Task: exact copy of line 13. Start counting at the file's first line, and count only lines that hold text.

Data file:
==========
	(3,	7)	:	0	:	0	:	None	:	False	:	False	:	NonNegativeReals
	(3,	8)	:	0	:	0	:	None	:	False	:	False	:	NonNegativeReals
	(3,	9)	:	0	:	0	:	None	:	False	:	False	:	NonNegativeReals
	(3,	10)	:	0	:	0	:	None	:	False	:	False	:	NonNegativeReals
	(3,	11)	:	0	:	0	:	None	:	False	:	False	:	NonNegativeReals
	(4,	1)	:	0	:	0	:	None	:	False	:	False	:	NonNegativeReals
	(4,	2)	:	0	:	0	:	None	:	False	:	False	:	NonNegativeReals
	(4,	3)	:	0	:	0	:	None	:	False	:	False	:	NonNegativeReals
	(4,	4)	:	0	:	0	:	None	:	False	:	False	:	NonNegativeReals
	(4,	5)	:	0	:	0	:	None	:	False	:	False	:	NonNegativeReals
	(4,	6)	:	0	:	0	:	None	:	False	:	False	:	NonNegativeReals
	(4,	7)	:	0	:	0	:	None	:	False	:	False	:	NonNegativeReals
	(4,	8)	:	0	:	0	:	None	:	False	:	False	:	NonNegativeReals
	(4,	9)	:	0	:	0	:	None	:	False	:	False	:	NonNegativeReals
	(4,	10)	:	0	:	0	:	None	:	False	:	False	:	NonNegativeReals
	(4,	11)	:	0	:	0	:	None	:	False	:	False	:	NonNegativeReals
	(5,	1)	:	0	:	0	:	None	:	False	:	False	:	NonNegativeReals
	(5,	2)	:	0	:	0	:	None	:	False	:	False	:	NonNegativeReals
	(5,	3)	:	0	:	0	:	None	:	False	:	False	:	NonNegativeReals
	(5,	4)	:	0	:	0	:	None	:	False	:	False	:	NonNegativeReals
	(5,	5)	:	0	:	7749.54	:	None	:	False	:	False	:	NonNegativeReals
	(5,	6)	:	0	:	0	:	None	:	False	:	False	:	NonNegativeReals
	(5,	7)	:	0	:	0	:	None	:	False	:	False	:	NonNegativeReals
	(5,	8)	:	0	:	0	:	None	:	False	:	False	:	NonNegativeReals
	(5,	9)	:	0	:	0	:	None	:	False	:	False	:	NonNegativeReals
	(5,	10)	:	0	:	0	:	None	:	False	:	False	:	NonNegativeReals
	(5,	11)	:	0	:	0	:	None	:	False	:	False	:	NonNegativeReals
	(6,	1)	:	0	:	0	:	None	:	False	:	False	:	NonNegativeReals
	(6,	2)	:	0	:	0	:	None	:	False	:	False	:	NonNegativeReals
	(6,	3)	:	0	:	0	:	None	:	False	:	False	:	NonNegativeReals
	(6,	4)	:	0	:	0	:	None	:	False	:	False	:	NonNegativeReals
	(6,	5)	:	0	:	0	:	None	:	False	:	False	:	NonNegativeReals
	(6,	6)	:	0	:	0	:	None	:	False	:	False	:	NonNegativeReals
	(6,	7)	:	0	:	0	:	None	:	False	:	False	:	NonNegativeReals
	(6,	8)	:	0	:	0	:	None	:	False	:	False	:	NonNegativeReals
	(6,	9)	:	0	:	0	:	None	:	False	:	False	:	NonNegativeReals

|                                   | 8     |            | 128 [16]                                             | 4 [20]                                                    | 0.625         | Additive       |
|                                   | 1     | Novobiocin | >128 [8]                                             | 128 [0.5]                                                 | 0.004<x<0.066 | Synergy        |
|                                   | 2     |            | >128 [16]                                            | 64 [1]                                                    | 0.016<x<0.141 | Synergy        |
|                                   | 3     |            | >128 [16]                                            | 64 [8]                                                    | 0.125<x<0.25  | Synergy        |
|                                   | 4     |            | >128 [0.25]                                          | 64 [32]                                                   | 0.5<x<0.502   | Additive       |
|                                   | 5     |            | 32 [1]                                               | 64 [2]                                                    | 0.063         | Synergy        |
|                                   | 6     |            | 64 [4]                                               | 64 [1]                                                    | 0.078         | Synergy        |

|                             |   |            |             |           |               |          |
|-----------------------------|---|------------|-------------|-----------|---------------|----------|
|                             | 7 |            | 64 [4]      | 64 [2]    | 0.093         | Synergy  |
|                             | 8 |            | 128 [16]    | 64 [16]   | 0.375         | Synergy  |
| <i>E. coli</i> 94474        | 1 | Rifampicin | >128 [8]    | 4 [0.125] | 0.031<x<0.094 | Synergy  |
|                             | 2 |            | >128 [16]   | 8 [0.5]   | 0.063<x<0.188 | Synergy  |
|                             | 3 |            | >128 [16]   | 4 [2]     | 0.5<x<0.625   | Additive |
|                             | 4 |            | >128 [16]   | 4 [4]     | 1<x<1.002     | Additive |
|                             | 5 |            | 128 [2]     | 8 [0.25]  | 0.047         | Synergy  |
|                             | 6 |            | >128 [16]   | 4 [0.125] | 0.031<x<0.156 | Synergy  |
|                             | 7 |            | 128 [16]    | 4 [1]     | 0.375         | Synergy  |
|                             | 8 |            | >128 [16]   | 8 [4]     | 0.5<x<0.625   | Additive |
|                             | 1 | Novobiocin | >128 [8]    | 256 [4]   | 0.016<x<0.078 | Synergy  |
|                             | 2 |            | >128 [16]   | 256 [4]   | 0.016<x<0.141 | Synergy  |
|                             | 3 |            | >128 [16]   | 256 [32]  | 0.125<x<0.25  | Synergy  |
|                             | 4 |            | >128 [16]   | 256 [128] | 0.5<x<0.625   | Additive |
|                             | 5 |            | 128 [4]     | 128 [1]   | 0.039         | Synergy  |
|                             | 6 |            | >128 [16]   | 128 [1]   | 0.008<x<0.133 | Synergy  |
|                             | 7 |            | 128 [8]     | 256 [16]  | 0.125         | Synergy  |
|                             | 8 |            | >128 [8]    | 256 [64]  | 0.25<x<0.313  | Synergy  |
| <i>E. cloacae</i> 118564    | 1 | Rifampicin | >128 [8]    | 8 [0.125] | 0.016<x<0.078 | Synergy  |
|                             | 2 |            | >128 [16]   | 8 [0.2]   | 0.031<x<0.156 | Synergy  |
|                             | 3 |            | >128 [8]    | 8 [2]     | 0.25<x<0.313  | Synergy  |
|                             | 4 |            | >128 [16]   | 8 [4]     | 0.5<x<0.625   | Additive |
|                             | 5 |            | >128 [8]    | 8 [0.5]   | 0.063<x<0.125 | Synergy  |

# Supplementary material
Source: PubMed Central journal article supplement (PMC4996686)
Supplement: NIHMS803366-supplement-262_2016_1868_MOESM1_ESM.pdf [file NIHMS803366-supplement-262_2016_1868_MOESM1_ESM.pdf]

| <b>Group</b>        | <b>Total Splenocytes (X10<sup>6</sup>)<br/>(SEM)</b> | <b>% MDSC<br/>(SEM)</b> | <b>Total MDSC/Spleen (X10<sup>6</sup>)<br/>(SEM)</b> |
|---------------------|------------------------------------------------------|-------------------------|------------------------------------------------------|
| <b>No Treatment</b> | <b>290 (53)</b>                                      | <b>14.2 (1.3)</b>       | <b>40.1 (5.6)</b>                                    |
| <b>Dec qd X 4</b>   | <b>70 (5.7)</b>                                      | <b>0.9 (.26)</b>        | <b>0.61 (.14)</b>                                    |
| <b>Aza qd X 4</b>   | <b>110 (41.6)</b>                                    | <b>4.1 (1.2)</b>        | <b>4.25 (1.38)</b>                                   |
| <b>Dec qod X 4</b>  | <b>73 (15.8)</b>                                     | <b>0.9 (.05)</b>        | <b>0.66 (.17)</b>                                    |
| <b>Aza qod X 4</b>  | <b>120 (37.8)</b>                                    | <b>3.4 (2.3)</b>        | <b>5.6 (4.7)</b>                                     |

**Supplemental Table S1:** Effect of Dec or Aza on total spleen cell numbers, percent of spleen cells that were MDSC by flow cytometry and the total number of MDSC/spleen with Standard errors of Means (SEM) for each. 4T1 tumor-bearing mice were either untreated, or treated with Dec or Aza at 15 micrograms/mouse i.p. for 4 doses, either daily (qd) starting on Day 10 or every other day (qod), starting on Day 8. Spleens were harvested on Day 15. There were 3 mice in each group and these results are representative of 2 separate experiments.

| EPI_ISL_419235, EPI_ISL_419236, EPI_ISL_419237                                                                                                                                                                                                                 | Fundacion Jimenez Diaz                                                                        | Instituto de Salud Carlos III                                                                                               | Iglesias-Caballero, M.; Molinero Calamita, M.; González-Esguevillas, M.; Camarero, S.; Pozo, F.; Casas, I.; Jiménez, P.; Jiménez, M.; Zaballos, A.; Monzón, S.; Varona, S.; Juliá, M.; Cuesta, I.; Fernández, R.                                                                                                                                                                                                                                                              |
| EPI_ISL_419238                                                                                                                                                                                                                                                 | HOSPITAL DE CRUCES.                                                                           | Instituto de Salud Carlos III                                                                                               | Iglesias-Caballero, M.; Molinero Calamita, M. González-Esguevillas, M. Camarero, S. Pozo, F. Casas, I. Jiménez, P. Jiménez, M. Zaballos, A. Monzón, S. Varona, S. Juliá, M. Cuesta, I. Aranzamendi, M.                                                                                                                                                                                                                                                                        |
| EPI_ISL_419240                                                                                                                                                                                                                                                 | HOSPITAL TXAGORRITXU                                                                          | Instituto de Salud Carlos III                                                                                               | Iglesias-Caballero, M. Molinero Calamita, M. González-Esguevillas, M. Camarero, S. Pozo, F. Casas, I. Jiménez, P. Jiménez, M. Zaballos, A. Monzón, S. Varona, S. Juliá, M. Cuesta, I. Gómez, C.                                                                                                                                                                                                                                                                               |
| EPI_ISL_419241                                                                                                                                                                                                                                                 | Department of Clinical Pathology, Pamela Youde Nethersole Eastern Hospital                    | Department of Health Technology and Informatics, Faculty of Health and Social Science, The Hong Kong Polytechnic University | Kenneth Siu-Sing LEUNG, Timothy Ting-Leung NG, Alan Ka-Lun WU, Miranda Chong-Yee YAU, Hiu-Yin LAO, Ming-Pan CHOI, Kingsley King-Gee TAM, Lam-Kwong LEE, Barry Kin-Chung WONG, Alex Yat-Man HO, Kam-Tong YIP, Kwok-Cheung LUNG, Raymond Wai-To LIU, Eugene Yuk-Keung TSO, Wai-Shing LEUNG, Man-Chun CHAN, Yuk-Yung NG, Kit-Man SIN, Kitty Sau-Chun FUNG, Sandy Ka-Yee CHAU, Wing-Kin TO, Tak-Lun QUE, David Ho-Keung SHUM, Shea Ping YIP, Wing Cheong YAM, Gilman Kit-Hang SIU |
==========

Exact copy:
	(4,	8)	:	0	:	0	:	None	:	False	:	False	:	NonNegativeReals